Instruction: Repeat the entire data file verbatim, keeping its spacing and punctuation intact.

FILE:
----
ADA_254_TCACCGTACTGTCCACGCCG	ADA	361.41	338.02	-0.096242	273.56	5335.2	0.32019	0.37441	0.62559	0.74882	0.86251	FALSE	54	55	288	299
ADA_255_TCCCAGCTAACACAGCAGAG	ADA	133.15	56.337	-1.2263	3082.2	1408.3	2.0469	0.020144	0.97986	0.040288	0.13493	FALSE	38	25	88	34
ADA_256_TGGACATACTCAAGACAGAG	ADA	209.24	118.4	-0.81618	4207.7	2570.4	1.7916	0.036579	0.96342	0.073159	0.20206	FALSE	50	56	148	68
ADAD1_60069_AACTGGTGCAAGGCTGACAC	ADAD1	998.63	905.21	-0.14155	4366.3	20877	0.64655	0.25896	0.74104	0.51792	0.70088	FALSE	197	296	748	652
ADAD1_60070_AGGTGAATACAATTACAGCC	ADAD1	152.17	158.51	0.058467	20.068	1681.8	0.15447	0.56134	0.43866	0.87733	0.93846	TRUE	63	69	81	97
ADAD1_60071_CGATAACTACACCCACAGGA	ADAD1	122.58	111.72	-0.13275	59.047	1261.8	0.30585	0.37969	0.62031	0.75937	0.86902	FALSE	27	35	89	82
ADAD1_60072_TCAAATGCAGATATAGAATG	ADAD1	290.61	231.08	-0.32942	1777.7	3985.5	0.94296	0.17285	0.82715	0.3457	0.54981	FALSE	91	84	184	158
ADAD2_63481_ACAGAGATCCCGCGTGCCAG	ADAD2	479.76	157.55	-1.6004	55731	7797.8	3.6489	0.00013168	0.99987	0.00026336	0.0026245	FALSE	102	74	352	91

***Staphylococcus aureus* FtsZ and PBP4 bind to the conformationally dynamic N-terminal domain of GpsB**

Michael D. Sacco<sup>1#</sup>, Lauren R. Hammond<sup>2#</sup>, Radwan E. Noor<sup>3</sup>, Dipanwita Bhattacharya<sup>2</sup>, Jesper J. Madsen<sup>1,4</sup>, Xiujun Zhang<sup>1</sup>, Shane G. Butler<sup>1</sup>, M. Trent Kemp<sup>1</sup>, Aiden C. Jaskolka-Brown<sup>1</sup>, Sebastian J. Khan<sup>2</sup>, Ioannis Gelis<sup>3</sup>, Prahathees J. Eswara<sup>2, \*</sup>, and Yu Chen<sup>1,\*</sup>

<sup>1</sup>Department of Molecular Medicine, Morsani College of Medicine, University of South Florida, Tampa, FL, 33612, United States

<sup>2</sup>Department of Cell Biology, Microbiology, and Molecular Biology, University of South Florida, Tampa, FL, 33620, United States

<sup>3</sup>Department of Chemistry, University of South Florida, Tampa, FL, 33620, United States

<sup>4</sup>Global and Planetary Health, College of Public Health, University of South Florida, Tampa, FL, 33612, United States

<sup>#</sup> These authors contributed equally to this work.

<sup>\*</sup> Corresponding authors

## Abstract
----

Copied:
ADA_254_TCACCGTACTGTCCACGCCG	ADA	361.41	338.02	-0.096242	273.56	5335.2	0.32019	0.37441	0.62559	0.74882	0.86251	FALSE	54	55	288	299
ADA_255_TCCCAGCTAACACAGCAGAG	ADA	133.15	56.337	-1.2263	3082.2	1408.3	2.0469	0.020144	0.97986	0.040288	0.13493	FALSE	38	25	88	34
ADA_256_TGGACATACTCAAGACAGAG	ADA	209.24	118.4	-0.81618	4207.7	2570.4	1.7916	0.036579	0.96342	0.073159	0.20206	FALSE	50	56	148	68
ADAD1_60069_AACTGGTGCAAGGCTGACAC	ADAD1	998.63	905.21	-0.14155	4366.3	20877	0.64655	0.25896	0.74104	0.51792	0.70088	FALSE	197	296	748	652
ADAD1_60070_AGGTGAATACAATTACAGCC	ADAD1	152.17	158.51	0.058467	20.068	1681.8	0.15447	0.56134	0.43866	0.87733	0.93846	TRUE	63	69	81	97
ADAD1_60071_CGATAACTACACCCACAGGA	ADAD1	122.58	111.72	-0.13275	59.047	1261.8	0.30585	0.37969	0.62031	0.75937	0.86902	FALSE	27	35	89	82
ADAD1_60072_TCAAATGCAGATATAGAATG	ADAD1	290.61	231.08	-0.32942	1777.7	3985.5	0.94296	0.17285	0.82715	0.3457	0.54981	FALSE	91	84	184	158
ADAD2_63481_ACAGAGATCCCGCGTGCCAG	ADAD2	479.76	157.55	-1.6004	55731	7797.8	3.6489	0.00013168	0.99987	0.00026336	0.0026245	FALSE	102	74	352	91

***Staphylococcus aureus* FtsZ and PBP4 bind to the conformationally dynamic N-terminal domain of GpsB**

Michael D. Sacco<sup>1#</sup>, Lauren R. Hammond<sup>2#</sup>, Radwan E. Noor<sup>3</sup>, Dipanwita Bhattacharya<sup>2</sup>, Jesper J. Madsen<sup>1,4</sup>, Xiujun Zhang<sup>1</sup>, Shane G. Butler<sup>1</sup>, M. Trent Kemp<sup>1</sup>, Aiden C. Jaskolka-Brown<sup>1</sup>, Sebastian J. Khan<sup>2</sup>, Ioannis Gelis<sup>3</sup>, Prahathees J. Eswara<sup>2, \*</sup>, and Yu Chen<sup>1,\*</sup>

<sup>1</sup>Department of Molecular Medicine, Morsani College of Medicine, University of South Florida, Tampa, FL, 33612, United States

<sup>2</sup>Department of Cell Biology, Microbiology, and Molecular Biology, University of South Florida, Tampa, FL, 33620, United States

<sup>3</sup>Department of Chemistry, University of South Florida, Tampa, FL, 33620, United States

<sup>4</sup>Global and Planetary Health, College of Public Health, University of South Florida, Tampa, FL, 33612, United States

<sup>#</sup> These authors contributed equally to this work.

<sup>\*</sup> Corresponding authors

## Abstract